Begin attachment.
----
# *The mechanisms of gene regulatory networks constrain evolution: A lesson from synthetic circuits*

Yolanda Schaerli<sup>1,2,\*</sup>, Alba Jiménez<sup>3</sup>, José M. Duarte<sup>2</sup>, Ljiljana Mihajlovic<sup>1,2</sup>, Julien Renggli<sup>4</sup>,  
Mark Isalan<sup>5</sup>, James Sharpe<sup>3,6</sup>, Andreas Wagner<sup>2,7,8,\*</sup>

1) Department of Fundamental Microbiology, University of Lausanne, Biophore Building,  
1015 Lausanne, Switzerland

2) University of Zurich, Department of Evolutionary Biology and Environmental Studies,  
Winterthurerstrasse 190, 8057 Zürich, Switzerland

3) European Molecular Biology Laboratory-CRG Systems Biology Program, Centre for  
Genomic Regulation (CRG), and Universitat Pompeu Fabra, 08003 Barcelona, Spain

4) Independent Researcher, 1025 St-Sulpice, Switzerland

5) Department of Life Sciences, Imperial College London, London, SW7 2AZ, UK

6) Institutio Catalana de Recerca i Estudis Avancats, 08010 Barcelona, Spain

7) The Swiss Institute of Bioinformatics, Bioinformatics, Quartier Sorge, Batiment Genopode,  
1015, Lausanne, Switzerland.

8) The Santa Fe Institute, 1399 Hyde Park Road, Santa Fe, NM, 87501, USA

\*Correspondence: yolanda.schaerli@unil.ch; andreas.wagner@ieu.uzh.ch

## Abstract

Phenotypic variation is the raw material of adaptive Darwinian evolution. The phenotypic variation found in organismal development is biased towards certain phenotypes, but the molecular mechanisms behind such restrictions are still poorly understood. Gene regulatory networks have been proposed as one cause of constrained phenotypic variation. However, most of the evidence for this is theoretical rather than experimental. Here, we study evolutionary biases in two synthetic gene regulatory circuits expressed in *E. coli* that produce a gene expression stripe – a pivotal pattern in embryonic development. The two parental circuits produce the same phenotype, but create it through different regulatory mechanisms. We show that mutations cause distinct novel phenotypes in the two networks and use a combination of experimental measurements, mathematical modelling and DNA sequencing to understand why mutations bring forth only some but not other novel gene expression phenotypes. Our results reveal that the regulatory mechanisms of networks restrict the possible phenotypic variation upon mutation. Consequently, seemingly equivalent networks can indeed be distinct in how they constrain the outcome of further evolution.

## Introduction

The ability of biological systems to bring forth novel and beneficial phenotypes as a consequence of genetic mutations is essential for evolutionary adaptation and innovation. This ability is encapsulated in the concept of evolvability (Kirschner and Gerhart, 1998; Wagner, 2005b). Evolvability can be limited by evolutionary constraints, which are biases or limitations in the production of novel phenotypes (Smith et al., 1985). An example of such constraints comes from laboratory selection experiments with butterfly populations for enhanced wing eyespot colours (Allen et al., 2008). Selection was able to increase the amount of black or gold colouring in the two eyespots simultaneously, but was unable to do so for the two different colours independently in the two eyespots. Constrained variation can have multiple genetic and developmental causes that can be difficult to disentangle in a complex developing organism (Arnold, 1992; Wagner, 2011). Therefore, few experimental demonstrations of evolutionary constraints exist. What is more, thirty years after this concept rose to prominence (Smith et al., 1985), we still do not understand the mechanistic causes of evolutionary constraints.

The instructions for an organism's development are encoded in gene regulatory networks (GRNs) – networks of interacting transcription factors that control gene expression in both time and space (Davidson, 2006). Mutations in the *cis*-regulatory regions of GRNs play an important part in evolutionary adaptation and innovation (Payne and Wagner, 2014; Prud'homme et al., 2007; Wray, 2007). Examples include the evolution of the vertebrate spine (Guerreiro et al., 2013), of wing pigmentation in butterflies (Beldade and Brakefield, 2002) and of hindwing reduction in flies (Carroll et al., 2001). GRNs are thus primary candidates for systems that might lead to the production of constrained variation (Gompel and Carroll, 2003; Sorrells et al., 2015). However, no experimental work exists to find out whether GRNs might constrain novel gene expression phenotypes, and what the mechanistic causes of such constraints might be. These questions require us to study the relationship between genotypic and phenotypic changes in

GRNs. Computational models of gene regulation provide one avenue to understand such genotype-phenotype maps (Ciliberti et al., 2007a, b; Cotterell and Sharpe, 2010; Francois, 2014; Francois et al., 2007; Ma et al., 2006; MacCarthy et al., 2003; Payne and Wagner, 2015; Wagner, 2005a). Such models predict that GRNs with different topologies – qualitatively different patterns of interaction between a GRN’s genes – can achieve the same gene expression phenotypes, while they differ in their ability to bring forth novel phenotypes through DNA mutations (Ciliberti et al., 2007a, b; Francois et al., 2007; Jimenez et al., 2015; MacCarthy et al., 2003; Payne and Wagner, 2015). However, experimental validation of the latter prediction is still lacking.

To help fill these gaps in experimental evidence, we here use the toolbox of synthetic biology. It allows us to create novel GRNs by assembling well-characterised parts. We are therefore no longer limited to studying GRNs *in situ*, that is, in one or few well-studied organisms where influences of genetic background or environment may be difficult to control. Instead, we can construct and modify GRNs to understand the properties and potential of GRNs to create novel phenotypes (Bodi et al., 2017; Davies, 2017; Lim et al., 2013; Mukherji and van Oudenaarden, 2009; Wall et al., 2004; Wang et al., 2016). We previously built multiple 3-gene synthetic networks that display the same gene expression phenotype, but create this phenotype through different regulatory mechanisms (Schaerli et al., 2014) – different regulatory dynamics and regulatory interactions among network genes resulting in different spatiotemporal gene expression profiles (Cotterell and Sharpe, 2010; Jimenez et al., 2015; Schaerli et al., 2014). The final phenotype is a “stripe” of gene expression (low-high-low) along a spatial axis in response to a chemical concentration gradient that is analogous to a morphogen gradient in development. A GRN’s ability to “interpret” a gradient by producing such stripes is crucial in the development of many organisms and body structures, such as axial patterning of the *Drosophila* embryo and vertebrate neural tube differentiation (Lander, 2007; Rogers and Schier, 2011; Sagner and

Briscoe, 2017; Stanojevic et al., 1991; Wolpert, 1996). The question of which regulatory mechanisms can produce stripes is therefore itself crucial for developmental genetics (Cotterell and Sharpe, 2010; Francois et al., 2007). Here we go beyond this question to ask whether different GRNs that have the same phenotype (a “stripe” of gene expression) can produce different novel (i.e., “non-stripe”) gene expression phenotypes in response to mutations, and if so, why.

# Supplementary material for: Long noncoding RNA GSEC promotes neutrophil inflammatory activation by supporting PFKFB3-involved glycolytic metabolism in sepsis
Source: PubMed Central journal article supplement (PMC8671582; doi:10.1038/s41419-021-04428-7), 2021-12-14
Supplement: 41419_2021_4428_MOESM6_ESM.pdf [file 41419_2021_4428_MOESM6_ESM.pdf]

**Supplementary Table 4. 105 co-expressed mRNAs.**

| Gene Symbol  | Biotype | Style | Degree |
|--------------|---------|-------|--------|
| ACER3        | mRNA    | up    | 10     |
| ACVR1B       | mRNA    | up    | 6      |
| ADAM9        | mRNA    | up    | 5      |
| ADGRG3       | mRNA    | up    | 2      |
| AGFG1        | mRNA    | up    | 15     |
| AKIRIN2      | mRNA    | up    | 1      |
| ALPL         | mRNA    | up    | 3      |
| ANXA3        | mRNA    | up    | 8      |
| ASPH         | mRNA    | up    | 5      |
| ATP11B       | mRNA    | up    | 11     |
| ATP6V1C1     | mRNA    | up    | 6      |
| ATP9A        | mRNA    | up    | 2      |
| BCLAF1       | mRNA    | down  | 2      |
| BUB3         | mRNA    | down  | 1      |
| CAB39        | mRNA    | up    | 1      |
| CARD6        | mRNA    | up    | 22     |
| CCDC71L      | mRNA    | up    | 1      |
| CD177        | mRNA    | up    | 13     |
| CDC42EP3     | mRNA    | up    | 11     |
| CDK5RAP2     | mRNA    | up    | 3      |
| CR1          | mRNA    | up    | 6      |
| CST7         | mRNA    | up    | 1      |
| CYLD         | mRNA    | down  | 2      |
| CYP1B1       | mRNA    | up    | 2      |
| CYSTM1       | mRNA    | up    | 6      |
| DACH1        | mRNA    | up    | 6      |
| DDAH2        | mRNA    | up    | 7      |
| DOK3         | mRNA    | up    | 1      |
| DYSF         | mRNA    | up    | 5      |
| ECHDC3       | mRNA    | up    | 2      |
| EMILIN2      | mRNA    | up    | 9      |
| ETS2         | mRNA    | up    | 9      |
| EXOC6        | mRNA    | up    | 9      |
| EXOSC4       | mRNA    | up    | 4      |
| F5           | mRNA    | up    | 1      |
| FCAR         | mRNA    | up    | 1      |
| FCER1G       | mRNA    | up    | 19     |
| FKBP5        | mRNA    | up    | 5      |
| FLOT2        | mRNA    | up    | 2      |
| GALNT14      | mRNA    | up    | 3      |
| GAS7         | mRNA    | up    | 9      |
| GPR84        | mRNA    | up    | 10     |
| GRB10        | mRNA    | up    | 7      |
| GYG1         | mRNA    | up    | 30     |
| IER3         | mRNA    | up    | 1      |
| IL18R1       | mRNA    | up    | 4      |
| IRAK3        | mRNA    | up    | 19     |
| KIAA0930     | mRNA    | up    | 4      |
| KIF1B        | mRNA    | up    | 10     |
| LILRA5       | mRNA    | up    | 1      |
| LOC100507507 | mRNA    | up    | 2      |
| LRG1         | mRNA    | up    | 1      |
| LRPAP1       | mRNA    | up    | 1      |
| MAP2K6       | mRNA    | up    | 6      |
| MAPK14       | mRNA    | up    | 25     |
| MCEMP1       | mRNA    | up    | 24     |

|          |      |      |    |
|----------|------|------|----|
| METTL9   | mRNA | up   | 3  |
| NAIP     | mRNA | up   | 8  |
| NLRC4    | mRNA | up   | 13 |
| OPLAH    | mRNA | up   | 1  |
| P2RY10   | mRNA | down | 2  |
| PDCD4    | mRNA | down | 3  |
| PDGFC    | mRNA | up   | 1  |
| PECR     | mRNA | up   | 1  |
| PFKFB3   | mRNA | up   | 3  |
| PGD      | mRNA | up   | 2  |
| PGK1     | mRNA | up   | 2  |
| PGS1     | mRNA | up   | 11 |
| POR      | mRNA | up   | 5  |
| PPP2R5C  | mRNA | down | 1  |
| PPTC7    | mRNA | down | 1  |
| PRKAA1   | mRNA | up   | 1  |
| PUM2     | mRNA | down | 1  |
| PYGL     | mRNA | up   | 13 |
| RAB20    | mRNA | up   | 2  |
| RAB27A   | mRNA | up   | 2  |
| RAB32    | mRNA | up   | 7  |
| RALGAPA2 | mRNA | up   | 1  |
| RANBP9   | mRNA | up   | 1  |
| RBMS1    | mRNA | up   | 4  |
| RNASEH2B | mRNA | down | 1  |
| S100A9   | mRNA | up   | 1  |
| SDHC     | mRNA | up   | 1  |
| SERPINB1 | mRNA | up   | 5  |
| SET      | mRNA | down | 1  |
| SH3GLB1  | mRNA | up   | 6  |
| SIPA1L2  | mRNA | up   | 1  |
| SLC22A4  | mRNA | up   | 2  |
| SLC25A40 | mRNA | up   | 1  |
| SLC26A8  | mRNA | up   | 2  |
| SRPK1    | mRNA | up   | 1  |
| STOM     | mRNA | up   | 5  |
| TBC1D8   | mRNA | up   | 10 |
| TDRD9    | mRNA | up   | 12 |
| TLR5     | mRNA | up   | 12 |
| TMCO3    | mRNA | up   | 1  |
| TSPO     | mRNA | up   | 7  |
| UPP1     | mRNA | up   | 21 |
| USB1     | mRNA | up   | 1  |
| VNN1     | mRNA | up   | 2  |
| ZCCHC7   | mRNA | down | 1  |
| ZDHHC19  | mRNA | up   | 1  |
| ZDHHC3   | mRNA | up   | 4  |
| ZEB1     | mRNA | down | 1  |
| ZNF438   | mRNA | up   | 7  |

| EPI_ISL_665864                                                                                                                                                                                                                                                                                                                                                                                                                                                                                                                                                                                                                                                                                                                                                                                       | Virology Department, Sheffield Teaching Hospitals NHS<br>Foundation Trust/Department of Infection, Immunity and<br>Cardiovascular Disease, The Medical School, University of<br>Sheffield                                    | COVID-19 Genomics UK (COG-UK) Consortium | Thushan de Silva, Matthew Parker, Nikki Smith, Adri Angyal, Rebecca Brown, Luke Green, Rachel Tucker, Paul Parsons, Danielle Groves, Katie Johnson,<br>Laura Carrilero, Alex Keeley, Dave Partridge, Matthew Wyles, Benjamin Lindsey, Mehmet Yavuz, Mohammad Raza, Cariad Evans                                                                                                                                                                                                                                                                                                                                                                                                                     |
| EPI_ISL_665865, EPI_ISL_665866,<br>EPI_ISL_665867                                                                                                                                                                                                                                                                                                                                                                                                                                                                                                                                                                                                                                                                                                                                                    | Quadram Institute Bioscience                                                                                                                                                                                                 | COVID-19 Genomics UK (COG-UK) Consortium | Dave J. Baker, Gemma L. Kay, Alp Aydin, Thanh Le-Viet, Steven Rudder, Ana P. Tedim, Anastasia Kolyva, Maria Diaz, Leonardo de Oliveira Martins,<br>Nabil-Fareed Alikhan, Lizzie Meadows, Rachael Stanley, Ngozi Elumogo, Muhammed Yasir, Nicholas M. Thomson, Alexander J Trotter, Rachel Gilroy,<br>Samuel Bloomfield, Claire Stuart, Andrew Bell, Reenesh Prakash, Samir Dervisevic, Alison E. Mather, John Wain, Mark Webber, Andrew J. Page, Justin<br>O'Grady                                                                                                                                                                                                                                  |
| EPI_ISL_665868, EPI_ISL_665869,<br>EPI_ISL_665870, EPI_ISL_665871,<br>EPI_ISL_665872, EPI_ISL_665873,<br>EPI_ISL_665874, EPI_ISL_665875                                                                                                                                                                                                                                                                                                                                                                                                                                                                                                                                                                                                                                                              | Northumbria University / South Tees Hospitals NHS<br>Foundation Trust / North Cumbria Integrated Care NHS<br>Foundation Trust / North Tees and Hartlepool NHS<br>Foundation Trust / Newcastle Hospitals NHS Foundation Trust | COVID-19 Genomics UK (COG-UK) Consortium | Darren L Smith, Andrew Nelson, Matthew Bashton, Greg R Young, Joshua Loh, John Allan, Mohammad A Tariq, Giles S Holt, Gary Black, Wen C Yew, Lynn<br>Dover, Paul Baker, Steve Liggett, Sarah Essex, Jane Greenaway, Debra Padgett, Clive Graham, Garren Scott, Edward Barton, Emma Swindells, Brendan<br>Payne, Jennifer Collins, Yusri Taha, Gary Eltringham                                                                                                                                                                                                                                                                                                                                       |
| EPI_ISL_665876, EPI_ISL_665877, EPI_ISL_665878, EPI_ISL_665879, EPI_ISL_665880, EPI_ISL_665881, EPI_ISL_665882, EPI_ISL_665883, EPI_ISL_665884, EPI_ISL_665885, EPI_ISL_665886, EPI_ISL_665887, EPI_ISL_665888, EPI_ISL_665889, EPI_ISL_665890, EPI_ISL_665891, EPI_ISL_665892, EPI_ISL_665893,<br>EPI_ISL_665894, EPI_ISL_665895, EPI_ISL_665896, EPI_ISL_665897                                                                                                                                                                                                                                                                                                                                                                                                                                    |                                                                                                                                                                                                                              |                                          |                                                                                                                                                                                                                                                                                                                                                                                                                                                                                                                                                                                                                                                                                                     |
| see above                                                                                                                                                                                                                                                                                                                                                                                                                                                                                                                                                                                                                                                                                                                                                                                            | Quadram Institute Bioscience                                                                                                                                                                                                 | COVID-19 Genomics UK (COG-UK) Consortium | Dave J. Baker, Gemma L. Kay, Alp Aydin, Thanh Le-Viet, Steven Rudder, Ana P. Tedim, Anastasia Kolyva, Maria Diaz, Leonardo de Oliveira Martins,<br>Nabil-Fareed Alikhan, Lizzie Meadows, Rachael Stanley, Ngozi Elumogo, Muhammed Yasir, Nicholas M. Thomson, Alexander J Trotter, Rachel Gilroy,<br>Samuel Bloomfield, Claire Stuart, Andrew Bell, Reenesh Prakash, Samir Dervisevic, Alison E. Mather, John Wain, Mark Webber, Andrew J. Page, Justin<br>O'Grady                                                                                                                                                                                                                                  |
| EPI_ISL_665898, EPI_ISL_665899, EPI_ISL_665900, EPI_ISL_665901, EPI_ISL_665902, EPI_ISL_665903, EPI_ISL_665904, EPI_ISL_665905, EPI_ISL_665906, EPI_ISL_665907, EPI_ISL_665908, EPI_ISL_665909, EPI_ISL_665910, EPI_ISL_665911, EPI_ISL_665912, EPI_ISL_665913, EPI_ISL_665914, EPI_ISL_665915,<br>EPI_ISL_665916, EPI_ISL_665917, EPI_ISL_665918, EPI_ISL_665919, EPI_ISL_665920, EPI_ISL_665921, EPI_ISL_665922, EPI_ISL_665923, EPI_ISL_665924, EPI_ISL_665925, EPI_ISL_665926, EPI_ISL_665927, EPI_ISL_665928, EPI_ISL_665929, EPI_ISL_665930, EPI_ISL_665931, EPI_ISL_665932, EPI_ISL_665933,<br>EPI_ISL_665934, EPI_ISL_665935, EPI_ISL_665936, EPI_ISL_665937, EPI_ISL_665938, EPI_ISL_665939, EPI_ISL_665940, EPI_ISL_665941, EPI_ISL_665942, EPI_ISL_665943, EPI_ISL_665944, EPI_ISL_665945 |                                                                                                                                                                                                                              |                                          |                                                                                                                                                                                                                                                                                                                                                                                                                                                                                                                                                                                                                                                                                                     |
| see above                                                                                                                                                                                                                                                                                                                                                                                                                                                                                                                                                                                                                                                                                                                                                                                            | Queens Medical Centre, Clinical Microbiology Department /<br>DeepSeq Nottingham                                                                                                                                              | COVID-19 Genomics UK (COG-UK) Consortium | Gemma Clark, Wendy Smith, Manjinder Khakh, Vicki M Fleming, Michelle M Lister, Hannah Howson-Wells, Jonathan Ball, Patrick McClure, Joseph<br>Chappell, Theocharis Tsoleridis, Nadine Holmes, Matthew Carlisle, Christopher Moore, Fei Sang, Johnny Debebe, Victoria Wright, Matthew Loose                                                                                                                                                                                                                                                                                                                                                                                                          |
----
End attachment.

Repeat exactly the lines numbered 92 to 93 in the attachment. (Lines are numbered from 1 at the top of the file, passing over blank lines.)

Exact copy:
| OPLAH    | mRNA | up   | 1  |
| P2RY10   | mRNA | down | 2  |